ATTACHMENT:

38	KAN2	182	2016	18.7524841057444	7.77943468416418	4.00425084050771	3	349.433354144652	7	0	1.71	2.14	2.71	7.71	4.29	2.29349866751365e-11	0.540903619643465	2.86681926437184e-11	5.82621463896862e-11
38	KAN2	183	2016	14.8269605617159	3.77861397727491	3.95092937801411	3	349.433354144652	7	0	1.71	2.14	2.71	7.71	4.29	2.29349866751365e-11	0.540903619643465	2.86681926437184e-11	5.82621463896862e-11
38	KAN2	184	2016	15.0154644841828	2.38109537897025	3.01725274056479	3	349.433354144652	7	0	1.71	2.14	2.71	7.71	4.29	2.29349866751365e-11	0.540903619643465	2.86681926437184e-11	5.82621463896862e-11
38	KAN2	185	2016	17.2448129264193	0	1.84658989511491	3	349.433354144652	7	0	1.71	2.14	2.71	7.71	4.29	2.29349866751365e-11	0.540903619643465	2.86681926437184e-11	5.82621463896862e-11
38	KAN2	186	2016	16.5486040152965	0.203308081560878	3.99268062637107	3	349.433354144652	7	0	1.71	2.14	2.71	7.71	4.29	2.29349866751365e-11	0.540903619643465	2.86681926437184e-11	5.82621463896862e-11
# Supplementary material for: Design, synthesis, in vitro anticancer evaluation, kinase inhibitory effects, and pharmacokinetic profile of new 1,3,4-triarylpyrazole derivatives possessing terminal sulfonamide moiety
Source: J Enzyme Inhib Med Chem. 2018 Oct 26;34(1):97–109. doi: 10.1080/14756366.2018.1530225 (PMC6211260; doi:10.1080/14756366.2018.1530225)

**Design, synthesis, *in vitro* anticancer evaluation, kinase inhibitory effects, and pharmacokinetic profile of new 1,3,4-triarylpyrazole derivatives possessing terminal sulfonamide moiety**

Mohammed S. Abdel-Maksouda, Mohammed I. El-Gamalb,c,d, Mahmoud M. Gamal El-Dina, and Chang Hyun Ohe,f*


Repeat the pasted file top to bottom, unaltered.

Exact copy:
38	KAN2	182	2016	18.7524841057444	7.77943468416418	4.00425084050771	3	349.433354144652	7	0	1.71	2.14	2.71	7.71	4.29	2.29349866751365e-11	0.540903619643465	2.86681926437184e-11	5.82621463896862e-11
38	KAN2	183	2016	14.8269605617159	3.77861397727491	3.95092937801411	3	349.433354144652	7	0	1.71	2.14	2.71	7.71	4.29	2.29349866751365e-11	0.540903619643465	2.86681926437184e-11	5.82621463896862e-11
38	KAN2	184	2016	15.0154644841828	2.38109537897025	3.01725274056479	3	349.433354144652	7	0	1.71	2.14	2.71	7.71	4.29	2.29349866751365e-11	0.540903619643465	2.86681926437184e-11	5.82621463896862e-11
38	KAN2	185	2016	17.2448129264193	0	1.84658989511491	3	349.433354144652	7	0	1.71	2.14	2.71	7.71	4.29	2.29349866751365e-11	0.540903619643465	2.86681926437184e-11	5.82621463896862e-11
38	KAN2	186	2016	16.5486040152965	0.203308081560878	3.99268062637107	3	349.433354144652	7	0	1.71	2.14	2.71	7.71	4.29	2.29349866751365e-11	0.540903619643465	2.86681926437184e-11	5.82621463896862e-11
# Supplementary material for: Design, synthesis, in vitro anticancer evaluation, kinase inhibitory effects, and pharmacokinetic profile of new 1,3,4-triarylpyrazole derivatives possessing terminal sulfonamide moiety
Source: J Enzyme Inhib Med Chem. 2018 Oct 26;34(1):97–109. doi: 10.1080/14756366.2018.1530225 (PMC6211260; doi:10.1080/14756366.2018.1530225)

**Design, synthesis, *in vitro* anticancer evaluation, kinase inhibitory effects, and pharmacokinetic profile of new 1,3,4-triarylpyrazole derivatives possessing terminal sulfonamide moiety**

Mohammed S. Abdel-Maksouda, Mohammed I. El-Gamalb,c,d, Mahmoud M. Gamal El-Dina, and Chang Hyun Ohe,f*